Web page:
News of the Biden-Putin summit is a rare positive signal amid an otherwise doom and gloom atmosphere as U.S.-Russian relations have sunk to historic lows.
In reviewing the content of a possible summit agenda, it is vital to have a clear understanding that the main reasons for the crisis are not Russia’s supposed interference in U.S. elections, SolarWinds hacking, treatment of Alexei Navalny, Taliban bounties or the events in Ukraine, Crimea or Syria.
They are to be found in Washington’s self-proclaiming role as the exceptional and indispensable hegemonic world leader and Russia’s rejection of said claim.
In one of his answers to an American reporter, President Vladimir Putin had this to say: “When someone says that the U.S. is an exceptional nation, with special, exclusive rights in the world, I cannot agree. God created us all equal and gave us equal rights.”
Nevertheless, in earlier years, the USSR under Mikhail Gorbachev and Russia under Boris Yeltsin were ready to become a junior partner of the United States in exchange for promised security guarantees and economic assistance. History unfolded differently, as we all know.
Contrary to George H.W. Bush’s pledge to build a security arch “from Vancouver to Vladivostok,” NATO started its “drang nach Osten” campaign and almost doubled its membership with the strategic goal of encircling Russia. As for the “assistance” promised by the Clinton administration, all Russia got between 1993 and 2001 were numerous “advisers” who joined local oligarchs to rob the country and bring its economy into default.
Note what Washington Post columnist David Ignatius said in August 1999:
“What makes the Russian case so sad is that the Clinton administration may have squandered one of the most precious assets imaginable — which is the idealism and goodwill of the Russian people as they emerged from 70 years of Communist rule. The Russia debacle may haunt us for generations. Gore played a key role in that messy process, and he has a lot of explaining to do,” states Mr. Ignatius who added that evidence of “damning details of U.S. complicity in this process” cited by The Post’s former Moscow bureau chief Robert Kaiser.
Well, that was in 1999, from a paper that nowadays, along with the rest (with rare exceptions) of U.S. mainstream media, is doing everything possible to promote the fake “Russiagate” hysteria and block any other story that does not fit the established narrative.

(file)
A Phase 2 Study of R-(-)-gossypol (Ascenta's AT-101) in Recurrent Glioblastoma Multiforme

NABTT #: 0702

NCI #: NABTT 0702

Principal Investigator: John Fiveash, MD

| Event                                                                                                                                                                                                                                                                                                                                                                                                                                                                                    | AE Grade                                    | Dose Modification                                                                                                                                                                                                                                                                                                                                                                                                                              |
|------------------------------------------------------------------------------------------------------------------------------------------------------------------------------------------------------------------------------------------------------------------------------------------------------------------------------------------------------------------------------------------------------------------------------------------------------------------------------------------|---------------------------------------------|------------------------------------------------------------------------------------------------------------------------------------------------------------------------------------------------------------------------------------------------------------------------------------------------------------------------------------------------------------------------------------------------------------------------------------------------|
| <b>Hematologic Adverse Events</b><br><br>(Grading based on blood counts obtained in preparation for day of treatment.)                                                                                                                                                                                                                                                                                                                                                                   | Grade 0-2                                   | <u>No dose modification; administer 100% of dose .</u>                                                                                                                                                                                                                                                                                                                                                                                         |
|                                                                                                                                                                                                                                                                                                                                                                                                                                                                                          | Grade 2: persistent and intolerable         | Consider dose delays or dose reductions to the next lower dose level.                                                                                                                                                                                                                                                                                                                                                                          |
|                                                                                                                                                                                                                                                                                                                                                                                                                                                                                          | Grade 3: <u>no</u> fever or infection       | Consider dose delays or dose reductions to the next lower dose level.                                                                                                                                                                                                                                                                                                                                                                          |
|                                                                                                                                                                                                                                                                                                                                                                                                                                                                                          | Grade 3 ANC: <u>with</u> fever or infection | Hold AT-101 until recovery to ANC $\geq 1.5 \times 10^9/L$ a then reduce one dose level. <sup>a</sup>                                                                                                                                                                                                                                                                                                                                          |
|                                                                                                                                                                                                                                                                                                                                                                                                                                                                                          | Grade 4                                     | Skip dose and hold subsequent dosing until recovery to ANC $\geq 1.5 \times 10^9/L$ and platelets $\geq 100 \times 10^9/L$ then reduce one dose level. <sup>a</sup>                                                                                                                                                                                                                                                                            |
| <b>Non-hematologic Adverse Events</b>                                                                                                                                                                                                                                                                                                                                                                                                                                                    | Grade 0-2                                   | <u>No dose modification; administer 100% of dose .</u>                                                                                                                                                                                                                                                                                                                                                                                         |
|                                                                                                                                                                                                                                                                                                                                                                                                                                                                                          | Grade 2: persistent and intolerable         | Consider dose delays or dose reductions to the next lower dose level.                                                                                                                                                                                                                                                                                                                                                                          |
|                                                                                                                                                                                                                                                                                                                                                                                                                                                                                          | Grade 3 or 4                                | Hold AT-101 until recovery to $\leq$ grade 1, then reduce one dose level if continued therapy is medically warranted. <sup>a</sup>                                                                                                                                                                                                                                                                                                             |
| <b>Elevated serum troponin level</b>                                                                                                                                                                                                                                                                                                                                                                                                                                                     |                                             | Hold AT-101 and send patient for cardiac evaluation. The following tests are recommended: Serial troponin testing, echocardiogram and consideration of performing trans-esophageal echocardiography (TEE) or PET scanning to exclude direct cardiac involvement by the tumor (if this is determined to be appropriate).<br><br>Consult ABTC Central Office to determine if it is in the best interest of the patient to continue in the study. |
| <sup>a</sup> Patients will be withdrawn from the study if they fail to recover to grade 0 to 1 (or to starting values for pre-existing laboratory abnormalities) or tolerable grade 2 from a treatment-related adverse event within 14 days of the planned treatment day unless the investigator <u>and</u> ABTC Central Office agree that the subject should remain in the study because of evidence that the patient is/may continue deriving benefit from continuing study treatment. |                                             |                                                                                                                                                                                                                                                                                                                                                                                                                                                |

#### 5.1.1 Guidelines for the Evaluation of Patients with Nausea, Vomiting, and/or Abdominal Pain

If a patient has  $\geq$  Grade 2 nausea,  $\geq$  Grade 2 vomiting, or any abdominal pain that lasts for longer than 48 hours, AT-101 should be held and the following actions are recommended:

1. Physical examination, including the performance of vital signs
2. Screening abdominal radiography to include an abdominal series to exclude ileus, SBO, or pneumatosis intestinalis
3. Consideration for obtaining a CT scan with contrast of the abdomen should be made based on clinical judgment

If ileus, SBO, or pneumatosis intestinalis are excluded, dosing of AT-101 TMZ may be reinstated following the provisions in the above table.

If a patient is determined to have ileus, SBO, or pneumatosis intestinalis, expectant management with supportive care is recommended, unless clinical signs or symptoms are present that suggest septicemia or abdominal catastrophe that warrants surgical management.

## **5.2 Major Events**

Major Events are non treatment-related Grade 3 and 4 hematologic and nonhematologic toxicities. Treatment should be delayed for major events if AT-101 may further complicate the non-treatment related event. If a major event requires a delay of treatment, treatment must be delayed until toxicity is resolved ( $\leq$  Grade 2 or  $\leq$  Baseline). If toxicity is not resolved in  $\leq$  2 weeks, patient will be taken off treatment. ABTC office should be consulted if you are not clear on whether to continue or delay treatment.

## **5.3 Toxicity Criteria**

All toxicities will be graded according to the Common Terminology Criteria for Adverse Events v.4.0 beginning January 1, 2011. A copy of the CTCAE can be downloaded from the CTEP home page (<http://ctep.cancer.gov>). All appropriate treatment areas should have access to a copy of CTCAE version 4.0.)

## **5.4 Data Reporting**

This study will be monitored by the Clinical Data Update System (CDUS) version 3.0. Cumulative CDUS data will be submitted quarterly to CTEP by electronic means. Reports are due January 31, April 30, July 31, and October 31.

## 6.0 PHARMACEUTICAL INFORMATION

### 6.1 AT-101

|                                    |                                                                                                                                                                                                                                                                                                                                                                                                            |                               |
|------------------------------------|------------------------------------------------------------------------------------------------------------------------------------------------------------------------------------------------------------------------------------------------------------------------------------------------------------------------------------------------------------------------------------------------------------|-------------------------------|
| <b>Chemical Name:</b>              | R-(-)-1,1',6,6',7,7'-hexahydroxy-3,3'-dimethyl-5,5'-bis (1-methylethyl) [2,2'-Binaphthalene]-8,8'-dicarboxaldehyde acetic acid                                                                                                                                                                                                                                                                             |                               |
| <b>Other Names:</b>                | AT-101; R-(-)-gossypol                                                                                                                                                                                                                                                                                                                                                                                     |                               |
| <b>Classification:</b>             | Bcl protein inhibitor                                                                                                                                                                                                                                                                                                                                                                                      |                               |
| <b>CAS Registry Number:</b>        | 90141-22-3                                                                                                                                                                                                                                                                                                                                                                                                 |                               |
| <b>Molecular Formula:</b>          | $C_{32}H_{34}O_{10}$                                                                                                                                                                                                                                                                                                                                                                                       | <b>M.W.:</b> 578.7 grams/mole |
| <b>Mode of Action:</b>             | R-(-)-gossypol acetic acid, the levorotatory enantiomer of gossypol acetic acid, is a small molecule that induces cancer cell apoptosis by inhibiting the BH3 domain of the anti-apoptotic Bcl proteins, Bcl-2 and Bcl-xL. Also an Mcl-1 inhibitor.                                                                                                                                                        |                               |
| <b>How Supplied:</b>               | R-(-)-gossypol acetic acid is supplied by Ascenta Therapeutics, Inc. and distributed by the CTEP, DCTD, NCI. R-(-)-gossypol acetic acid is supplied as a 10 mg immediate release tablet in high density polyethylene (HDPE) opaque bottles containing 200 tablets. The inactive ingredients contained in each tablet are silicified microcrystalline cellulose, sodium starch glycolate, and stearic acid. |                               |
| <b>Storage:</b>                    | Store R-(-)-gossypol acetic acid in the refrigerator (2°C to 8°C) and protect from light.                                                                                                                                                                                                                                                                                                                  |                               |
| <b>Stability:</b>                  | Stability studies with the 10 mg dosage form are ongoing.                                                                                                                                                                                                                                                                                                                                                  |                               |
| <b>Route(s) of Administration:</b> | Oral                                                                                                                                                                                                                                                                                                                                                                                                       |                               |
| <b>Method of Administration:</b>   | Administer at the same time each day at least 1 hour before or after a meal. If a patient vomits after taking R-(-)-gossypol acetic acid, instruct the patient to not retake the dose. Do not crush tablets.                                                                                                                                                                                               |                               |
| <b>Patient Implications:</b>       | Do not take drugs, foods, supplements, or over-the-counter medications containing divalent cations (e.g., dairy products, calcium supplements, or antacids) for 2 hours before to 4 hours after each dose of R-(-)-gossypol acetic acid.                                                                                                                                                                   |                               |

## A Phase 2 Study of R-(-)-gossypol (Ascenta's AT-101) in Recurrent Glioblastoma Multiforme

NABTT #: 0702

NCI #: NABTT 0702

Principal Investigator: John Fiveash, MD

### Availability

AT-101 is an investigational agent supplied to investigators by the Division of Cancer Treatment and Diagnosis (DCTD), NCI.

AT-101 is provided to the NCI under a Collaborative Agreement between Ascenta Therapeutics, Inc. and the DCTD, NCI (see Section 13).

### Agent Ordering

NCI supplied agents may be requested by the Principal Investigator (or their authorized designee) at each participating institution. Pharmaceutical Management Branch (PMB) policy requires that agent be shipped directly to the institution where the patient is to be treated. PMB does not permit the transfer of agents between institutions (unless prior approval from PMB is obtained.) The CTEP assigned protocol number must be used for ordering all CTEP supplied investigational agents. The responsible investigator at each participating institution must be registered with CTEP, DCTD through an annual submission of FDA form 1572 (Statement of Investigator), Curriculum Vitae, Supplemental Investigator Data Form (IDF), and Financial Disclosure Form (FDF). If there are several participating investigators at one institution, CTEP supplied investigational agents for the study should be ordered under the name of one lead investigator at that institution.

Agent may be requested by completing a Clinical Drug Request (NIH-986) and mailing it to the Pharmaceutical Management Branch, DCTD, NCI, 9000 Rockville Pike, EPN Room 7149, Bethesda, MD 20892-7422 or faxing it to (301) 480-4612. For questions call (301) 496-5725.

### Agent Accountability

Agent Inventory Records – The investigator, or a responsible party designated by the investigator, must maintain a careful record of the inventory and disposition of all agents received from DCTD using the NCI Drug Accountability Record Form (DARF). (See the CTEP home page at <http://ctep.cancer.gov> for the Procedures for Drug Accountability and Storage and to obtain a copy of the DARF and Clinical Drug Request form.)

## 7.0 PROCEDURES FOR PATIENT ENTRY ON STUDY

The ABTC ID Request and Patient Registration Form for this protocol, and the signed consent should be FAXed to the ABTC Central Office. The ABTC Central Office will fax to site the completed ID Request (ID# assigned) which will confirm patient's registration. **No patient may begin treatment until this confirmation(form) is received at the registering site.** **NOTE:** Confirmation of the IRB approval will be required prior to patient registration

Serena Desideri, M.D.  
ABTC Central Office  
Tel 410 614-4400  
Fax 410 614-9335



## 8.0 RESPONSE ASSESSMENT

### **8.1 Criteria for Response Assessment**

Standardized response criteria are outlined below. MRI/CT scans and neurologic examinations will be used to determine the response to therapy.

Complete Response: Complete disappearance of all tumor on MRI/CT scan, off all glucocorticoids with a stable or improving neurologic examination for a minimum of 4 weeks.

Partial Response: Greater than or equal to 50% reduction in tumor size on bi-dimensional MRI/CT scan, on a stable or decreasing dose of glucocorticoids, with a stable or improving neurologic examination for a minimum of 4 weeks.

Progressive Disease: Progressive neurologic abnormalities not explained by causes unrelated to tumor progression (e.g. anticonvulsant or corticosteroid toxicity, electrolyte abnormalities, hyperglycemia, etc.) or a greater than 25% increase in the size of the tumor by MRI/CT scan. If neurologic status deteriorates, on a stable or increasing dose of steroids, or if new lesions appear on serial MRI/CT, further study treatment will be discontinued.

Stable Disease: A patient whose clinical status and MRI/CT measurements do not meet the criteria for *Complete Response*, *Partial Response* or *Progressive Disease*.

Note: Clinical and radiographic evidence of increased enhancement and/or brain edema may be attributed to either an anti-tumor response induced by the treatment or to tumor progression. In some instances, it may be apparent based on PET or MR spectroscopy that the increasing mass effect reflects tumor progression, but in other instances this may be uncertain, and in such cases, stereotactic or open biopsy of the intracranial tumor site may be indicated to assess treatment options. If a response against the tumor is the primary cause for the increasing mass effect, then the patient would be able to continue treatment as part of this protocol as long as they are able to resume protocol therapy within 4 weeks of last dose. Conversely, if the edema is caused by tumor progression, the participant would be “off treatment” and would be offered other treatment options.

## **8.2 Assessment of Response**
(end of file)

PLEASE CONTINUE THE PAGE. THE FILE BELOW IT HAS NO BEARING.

Mr. Putin started his first term in 2001 by offering a post-9/11 America more help in Afghanistan than all NATO members combined. He also suggested the creation of a U.S.-Russian strategic partnership or even an alliance similar to what occurred during World War II, but on the condition that this alliance be built on the terms of equal partnership.
For the Washington establishment, this common-sense proposal was deemed totally unacceptable. Instead, Mr. Bush abrogated the Anti-Ballistic Missile Treaty, invaded Iraq in clear violation of international law, started a virulent democracy promotion and color revolutions crusade on post-Soviet space, meddled in the 2004 Ukrainian election, and pushed for further NATO expansion to include Ukraine and Georgia, which for Moscow is still a red line.
Barack Obama followed in Mr. Bush’s steps by continuing previous wars and launching a series of new ones that brought additional devastation and misery to millions of people. The most provocative Obama action for Russia was his support of the 2014 regime change coup in Ukraine.
Although Mr. Trump pledged to end all these wars, he failed miserably. In the end, he lost his presidency in large degree because of resistance from MICIMATT, the term coined by former CIA analyst Raymond McGovern. MICIMATT — Military-Industrial-Congressional-Intelligence-Media-Academia-Think-Tank Complex — is a powerful body whose prize assets include President Biden, who as a senator and vice president supported all these wars, and Secretary of State Antony Blinken, who worked for Mr. Biden all these years.
Does it mean that the upcoming summit will be a waste of time or even could do more harm than good?
It depends on whether Mr. Biden finally comes to his senses and accepts the reality that his publicly stated intention to sit at the head of the world table was a mistake, because this table is round nowadays, and whether he offers Mr. Putin win-win proposals to benefit both nations and mankind.
If Mr. Biden can do that, then the sky is the limit for cooperative projects, including nuclear and cyberweapons treaties, medical research, space exploration, the Arctic, solutions for water and food shortages in many parts of the world, discovering new sources of energy, and cooling hot spots in the Middle East and Ukraine.
The upcoming U.S.-Russia summit might provide such an opportunity if conducted in the “Spirit of the Elbe,” when our countries worked as allies to bring about V-E Day to defeat Nazi Germany.
On April 25, 2021, the 76th anniversary of the meeting on the Elbe, many American, Russian, European and Eurasian nongovernmental organizations launched the movement Preserve Peace — Plant Trees — Save the Planet in the Elbe spirit.
This movement calls for the mass planting of trees to generate goodwill among nations and for environmental reasons. According to scientists, Earth has enough space to plant an extra trillion trees that would significantly contribute to carbon sequestration.
It would be a good idea if Mr. Biden and Mr. Putin, on the eve of the summit, each plants a friendship tree at the White House and Kremlin with the participation of other countries’ ambassadors as a gesture toward a successful summit outcome.
• Edward Lozansky is president of American University in Moscow.
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